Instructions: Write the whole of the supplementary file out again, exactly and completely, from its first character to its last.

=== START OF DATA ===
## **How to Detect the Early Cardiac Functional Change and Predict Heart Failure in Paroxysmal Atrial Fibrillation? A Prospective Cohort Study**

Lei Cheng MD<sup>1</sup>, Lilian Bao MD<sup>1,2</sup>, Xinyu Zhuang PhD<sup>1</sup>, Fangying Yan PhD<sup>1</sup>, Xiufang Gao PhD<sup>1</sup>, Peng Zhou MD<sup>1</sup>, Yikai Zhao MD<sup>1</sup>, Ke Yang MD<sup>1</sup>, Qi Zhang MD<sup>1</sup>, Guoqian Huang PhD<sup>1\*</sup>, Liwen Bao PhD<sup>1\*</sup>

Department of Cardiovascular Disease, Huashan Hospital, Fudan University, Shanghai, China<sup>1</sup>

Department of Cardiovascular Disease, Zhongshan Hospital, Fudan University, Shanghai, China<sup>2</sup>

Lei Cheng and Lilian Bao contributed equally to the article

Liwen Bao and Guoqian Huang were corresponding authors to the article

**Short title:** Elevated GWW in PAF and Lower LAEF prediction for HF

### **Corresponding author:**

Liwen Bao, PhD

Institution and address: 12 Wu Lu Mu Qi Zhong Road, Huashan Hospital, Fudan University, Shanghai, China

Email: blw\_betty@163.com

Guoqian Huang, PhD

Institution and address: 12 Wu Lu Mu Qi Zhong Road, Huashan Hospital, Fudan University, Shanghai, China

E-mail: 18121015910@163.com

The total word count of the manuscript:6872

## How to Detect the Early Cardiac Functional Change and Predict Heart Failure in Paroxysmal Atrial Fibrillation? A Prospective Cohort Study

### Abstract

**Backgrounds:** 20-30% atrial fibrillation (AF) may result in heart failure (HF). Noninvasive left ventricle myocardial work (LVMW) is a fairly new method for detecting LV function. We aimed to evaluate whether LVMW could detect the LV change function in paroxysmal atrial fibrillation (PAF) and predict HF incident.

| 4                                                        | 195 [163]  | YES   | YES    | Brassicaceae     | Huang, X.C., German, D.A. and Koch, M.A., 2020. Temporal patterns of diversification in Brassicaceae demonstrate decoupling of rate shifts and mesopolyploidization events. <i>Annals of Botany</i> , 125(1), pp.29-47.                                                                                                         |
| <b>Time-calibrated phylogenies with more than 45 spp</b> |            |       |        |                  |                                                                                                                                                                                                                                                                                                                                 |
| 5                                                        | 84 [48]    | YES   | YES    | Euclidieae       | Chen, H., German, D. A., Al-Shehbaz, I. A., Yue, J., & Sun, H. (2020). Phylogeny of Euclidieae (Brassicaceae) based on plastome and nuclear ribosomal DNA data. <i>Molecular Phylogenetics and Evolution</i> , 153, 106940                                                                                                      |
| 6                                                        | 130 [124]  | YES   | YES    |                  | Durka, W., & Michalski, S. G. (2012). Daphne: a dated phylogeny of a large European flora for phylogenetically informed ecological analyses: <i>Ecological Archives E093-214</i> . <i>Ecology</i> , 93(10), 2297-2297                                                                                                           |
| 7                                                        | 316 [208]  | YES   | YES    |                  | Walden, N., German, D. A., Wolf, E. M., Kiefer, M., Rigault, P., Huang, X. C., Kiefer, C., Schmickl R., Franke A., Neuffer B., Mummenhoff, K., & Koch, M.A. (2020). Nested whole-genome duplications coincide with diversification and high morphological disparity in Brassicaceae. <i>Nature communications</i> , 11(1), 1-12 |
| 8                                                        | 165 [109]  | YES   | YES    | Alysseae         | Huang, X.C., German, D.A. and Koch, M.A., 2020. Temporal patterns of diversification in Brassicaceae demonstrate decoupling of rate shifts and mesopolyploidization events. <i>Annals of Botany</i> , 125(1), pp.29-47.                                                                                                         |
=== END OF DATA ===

## **How to Detect the Early Cardiac Functional Change and Predict Heart Failure in Paroxysmal Atrial Fibrillation? A Prospective Cohort Study**

Lei Cheng MD<sup>1</sup>, Lilian Bao MD<sup>1,2</sup>, Xinyu Zhuang PhD<sup>1</sup>, Fangying Yan PhD<sup>1</sup>, Xiufang Gao PhD<sup>1</sup>, Peng Zhou MD<sup>1</sup>, Yikai Zhao MD<sup>1</sup>, Ke Yang MD<sup>1</sup>, Qi Zhang MD<sup>1</sup>, Guoqian Huang PhD<sup>1\*</sup>, Liwen Bao PhD<sup>1\*</sup>

Department of Cardiovascular Disease, Huashan Hospital, Fudan University, Shanghai, China<sup>1</sup>

Department of Cardiovascular Disease, Zhongshan Hospital, Fudan University, Shanghai, China<sup>2</sup>

Lei Cheng and Lilian Bao contributed equally to the article

Liwen Bao and Guoqian Huang were corresponding authors to the article

**Short title:** Elevated GWW in PAF and Lower LAEF prediction for HF

### **Corresponding author:**

Liwen Bao, PhD

Institution and address: 12 Wu Lu Mu Qi Zhong Road, Huashan Hospital, Fudan University, Shanghai, China

Email: blw\_betty@163.com

Guoqian Huang, PhD

Institution and address: 12 Wu Lu Mu Qi Zhong Road, Huashan Hospital, Fudan University, Shanghai, China

E-mail: 18121015910@163.com

The total word count of the manuscript:6872

## How to Detect the Early Cardiac Functional Change and Predict Heart Failure in Paroxysmal Atrial Fibrillation? A Prospective Cohort Study

### Abstract

**Backgrounds:** 20-30% atrial fibrillation (AF) may result in heart failure (HF). Noninvasive left ventricle myocardial work (LVMW) is a fairly new method for detecting LV function. We aimed to evaluate whether LVMW could detect the LV change function in paroxysmal atrial fibrillation (PAF) and predict HF incident.

| 4                                                        | 195 [163]  | YES   | YES    | Brassicaceae     | Huang, X.C., German, D.A. and Koch, M.A., 2020. Temporal patterns of diversification in Brassicaceae demonstrate decoupling of rate shifts and mesopolyploidization events. <i>Annals of Botany</i> , 125(1), pp.29-47.                                                                                                         |
| <b>Time-calibrated phylogenies with more than 45 spp</b> |            |       |        |                  |                                                                                                                                                                                                                                                                                                                                 |
| 5                                                        | 84 [48]    | YES   | YES    | Euclidieae       | Chen, H., German, D. A., Al-Shehbaz, I. A., Yue, J., & Sun, H. (2020). Phylogeny of Euclidieae (Brassicaceae) based on plastome and nuclear ribosomal DNA data. <i>Molecular Phylogenetics and Evolution</i> , 153, 106940                                                                                                      |
| 6                                                        | 130 [124]  | YES   | YES    |                  | Durka, W., & Michalski, S. G. (2012). Daphne: a dated phylogeny of a large European flora for phylogenetically informed ecological analyses: <i>Ecological Archives E093-214</i> . <i>Ecology</i> , 93(10), 2297-2297                                                                                                           |
| 7                                                        | 316 [208]  | YES   | YES    |                  | Walden, N., German, D. A., Wolf, E. M., Kiefer, M., Rigault, P., Huang, X. C., Kiefer, C., Schmickl R., Franke A., Neuffer B., Mummenhoff, K., & Koch, M.A. (2020). Nested whole-genome duplications coincide with diversification and high morphological disparity in Brassicaceae. <i>Nature communications</i> , 11(1), 1-12 |
| 8                                                        | 165 [109]  | YES   | YES    | Alysseae         | Huang, X.C., German, D.A. and Koch, M.A., 2020. Temporal patterns of diversification in Brassicaceae demonstrate decoupling of rate shifts and mesopolyploidization events. <i>Annals of Botany</i> , 125(1), pp.29-47.                                                                                                         |